The strength of the ocean's “biological pump,” wherein organic carbon produced by photosynthesis in surface waters is exported to sediments and sequestered from recycling, helps regulate the concentration of CO2 in the atmosphere. How has the biological pump responded to long-term changes in solar insolation? One way to estimate paleoproductivity is by measuring the organic content of marine sediments, which makes the assumption that organic carbon content is a good surrogate for productivity.
Perks et al. applied a sensitive analytical technique, combustion oxygen demand (COD), to estimate the amount of organic carbon in sediments from the western and eastern equatorial Pacific Ocean. Tropical surface water productivity in both sides of the Pacific has varied synchronously during the past 400,000 years, mainly in response to the 23,000-year precessional period of insolation, suggesting that productivity increases were caused by more vigorous equatorial upwelling driven by stronger trade winds. This pattern of basin-wide variation is difficult to reconcile with predictions of west-east asymmetry of paleoproduction. Future interpretations of paleoceanographic data sets from the equatorial Pacific may require more detailed consideration of equatorial circulation and biogeochemistry. — HJS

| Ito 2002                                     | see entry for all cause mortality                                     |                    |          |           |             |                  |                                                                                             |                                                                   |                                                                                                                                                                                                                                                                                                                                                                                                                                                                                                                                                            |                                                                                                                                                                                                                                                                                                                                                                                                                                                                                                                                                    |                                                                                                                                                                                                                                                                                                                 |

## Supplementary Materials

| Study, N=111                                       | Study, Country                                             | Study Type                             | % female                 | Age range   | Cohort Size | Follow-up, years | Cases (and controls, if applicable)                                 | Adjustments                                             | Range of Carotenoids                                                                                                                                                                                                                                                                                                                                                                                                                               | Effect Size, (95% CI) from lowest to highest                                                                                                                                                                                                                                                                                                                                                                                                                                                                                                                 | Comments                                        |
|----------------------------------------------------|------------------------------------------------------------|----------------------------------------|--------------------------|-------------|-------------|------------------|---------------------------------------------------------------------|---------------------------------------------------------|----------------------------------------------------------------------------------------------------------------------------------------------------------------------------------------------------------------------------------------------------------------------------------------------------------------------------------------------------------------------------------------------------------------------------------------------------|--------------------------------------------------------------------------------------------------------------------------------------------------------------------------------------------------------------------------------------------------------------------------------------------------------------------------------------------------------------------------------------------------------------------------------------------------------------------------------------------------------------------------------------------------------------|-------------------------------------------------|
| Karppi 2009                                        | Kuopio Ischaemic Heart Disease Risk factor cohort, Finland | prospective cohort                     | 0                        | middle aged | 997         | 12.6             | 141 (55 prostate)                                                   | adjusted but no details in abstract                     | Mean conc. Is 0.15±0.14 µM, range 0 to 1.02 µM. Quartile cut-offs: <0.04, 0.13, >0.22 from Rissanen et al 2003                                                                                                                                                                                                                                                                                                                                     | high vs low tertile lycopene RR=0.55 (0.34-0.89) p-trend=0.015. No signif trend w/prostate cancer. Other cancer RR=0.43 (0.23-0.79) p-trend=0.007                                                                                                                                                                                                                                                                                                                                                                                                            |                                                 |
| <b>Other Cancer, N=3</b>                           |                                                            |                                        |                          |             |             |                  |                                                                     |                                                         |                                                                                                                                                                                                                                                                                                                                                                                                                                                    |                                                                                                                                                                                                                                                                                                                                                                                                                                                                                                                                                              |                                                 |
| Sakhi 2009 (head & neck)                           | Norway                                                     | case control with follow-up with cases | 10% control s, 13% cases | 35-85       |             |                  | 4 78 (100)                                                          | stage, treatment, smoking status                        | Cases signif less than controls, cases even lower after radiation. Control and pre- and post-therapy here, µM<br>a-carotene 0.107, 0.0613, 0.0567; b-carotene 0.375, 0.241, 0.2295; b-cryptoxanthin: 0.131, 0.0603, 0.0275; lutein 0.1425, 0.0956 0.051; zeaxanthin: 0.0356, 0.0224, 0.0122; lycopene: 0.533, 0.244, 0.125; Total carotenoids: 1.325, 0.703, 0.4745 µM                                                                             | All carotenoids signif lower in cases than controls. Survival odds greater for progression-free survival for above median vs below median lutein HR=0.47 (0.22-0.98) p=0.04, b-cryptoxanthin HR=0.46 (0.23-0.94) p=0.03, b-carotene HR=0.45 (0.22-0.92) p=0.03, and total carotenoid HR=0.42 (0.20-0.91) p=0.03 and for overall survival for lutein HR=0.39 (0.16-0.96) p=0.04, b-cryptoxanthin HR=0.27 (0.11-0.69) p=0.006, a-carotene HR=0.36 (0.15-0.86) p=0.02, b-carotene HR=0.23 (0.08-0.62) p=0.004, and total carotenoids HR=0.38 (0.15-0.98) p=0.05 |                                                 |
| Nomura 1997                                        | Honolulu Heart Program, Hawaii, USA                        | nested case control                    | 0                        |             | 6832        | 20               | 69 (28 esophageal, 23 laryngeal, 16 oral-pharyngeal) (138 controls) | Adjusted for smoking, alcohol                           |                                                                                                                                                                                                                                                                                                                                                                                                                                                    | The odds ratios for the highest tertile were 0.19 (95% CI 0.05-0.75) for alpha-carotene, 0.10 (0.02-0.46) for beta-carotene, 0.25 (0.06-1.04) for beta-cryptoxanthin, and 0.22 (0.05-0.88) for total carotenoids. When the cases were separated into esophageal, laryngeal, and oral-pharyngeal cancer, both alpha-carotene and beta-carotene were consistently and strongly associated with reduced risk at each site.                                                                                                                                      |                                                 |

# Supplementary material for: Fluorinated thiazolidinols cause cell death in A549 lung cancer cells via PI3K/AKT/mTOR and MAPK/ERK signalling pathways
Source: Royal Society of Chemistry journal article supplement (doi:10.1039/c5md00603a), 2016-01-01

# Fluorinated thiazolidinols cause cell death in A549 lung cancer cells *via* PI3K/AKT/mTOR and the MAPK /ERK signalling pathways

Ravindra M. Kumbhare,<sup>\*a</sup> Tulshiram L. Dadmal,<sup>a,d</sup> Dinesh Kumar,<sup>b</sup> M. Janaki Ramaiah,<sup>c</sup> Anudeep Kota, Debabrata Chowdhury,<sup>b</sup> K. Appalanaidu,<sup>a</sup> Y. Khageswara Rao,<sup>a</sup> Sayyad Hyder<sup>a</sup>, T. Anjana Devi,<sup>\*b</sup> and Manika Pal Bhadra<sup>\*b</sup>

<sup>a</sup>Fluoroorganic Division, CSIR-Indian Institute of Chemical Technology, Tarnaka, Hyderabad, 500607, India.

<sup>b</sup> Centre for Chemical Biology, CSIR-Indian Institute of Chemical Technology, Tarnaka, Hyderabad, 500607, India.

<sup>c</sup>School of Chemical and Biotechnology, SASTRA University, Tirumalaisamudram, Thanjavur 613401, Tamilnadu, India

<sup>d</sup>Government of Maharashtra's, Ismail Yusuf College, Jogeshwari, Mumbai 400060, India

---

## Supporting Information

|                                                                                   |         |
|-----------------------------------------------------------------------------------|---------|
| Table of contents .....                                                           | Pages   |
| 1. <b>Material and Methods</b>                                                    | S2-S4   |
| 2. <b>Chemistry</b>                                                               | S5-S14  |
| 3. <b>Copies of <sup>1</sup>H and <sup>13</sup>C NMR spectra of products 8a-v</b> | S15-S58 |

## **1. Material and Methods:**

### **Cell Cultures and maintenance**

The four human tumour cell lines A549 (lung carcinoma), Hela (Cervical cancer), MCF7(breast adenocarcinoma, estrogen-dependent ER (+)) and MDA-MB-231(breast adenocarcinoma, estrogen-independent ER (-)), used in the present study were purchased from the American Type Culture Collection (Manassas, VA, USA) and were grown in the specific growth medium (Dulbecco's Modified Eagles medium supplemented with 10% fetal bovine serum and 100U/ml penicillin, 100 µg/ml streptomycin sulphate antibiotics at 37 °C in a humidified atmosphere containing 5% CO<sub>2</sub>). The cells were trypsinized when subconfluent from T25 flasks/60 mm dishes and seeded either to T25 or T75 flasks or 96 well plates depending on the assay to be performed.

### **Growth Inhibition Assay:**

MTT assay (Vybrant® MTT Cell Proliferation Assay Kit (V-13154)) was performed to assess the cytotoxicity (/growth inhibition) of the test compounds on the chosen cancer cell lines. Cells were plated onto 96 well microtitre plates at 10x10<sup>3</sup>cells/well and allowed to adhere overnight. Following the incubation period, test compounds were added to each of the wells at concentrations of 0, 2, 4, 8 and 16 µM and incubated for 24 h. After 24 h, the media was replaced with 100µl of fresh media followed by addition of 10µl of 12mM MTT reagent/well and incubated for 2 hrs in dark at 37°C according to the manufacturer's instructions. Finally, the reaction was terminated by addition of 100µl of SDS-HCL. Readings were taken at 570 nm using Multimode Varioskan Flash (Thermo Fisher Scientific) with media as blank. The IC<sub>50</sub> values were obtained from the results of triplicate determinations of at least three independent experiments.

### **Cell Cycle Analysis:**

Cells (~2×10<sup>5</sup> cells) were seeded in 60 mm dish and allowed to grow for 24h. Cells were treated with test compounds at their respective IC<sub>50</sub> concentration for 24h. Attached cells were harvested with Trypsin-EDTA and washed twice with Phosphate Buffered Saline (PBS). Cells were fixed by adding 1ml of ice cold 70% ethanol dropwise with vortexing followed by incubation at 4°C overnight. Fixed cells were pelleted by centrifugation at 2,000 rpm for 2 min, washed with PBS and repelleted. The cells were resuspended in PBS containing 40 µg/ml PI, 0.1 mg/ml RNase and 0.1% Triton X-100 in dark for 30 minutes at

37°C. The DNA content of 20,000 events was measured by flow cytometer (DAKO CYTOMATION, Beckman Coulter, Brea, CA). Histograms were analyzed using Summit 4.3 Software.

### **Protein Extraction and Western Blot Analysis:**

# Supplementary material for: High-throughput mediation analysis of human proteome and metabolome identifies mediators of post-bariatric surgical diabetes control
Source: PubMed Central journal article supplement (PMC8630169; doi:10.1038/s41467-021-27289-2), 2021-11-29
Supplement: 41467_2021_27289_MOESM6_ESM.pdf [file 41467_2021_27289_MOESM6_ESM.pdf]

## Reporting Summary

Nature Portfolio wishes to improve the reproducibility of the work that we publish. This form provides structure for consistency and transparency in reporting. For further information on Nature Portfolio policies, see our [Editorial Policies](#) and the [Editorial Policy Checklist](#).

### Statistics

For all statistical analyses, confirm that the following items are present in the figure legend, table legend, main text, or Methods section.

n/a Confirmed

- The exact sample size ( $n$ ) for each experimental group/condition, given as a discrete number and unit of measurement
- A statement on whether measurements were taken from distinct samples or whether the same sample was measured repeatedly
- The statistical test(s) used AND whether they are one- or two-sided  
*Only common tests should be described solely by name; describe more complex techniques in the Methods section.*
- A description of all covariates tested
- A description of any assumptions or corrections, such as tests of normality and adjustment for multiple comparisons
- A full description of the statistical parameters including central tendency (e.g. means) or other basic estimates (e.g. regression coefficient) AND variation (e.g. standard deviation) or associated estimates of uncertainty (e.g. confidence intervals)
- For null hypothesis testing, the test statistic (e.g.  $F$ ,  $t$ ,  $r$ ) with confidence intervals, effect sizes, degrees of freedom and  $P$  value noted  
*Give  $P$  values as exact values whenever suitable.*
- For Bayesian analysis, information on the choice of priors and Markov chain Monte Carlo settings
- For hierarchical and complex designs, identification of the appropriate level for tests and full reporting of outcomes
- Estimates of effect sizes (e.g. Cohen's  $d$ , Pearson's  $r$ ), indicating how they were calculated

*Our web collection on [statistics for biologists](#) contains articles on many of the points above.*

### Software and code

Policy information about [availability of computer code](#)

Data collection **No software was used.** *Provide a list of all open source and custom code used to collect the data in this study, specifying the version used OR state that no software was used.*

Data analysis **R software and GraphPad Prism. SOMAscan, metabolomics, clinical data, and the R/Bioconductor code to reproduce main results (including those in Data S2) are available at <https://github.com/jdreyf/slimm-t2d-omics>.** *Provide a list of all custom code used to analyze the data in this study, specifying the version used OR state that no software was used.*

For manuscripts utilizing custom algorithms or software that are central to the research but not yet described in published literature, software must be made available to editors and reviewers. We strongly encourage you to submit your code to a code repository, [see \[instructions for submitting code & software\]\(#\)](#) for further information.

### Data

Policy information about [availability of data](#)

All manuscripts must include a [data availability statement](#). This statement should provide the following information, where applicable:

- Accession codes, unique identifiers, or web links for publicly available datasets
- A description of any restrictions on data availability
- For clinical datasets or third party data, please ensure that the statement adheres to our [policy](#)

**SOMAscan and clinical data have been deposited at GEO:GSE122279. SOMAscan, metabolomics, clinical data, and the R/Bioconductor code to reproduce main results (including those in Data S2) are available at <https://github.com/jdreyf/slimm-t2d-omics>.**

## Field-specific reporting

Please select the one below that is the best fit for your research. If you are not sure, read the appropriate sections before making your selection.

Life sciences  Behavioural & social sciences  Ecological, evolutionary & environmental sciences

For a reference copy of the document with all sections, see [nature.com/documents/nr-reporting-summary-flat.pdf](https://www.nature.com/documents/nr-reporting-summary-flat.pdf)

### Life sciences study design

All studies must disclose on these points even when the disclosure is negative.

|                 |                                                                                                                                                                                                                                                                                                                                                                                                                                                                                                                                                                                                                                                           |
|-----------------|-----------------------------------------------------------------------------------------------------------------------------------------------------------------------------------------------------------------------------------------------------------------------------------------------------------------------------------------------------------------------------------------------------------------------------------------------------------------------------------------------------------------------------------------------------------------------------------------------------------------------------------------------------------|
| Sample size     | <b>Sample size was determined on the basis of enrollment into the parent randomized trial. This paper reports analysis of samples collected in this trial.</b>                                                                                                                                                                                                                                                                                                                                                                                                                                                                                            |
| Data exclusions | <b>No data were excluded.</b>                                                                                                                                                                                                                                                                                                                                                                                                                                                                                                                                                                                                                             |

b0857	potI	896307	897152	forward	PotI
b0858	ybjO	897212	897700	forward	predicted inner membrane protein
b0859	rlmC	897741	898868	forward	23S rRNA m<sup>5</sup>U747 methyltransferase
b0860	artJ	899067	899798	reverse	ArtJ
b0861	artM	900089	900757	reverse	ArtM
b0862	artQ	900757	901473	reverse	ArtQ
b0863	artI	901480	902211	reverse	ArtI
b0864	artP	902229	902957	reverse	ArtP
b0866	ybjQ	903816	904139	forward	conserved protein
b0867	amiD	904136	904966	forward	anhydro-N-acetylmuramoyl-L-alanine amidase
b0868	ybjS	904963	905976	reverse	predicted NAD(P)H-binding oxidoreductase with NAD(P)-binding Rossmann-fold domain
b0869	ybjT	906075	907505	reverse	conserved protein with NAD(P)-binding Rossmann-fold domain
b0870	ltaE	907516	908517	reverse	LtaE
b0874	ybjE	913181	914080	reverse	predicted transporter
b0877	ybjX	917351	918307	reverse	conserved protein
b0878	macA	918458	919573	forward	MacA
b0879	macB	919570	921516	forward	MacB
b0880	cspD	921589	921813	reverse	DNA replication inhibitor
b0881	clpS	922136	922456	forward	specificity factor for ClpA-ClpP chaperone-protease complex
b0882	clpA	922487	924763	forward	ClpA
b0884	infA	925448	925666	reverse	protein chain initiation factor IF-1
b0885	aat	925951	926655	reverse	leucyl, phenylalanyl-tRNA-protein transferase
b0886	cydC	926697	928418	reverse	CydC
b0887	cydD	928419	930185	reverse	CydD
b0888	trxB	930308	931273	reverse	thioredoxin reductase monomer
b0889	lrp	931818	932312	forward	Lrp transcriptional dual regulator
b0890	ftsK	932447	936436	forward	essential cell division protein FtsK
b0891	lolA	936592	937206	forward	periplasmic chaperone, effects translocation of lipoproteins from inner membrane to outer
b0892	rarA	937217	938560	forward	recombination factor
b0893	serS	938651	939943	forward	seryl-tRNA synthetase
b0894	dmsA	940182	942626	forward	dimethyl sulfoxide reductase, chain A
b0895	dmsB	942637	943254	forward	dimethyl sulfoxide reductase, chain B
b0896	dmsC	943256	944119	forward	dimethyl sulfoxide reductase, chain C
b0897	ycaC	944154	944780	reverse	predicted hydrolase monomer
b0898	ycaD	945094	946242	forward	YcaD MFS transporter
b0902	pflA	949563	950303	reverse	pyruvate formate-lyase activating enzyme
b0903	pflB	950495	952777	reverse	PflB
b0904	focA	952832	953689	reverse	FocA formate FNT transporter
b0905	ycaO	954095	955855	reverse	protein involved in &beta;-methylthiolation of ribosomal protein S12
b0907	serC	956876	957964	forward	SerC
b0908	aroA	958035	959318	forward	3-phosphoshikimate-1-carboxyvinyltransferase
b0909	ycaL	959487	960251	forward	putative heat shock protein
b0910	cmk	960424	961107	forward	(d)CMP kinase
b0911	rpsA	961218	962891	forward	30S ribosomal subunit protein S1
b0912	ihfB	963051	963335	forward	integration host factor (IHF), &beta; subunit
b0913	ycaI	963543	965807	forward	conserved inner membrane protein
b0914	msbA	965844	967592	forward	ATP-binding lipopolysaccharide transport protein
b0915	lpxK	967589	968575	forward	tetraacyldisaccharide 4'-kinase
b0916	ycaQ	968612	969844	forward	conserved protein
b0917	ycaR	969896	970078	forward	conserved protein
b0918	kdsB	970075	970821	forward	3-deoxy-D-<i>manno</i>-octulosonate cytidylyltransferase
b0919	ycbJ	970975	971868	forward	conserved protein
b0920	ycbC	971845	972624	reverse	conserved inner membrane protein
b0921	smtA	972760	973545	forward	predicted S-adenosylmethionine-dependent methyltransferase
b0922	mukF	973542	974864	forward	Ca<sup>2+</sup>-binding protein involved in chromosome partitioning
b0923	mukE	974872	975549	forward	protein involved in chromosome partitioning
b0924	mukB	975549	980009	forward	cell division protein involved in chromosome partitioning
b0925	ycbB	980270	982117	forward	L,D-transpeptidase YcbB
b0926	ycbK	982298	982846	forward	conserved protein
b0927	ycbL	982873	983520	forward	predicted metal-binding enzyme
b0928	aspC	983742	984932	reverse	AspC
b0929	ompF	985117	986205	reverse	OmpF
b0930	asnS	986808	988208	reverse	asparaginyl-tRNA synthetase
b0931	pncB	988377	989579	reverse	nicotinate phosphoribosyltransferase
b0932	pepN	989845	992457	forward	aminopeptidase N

Paleoceanography17, 10.1029/2000PA000603 (2002).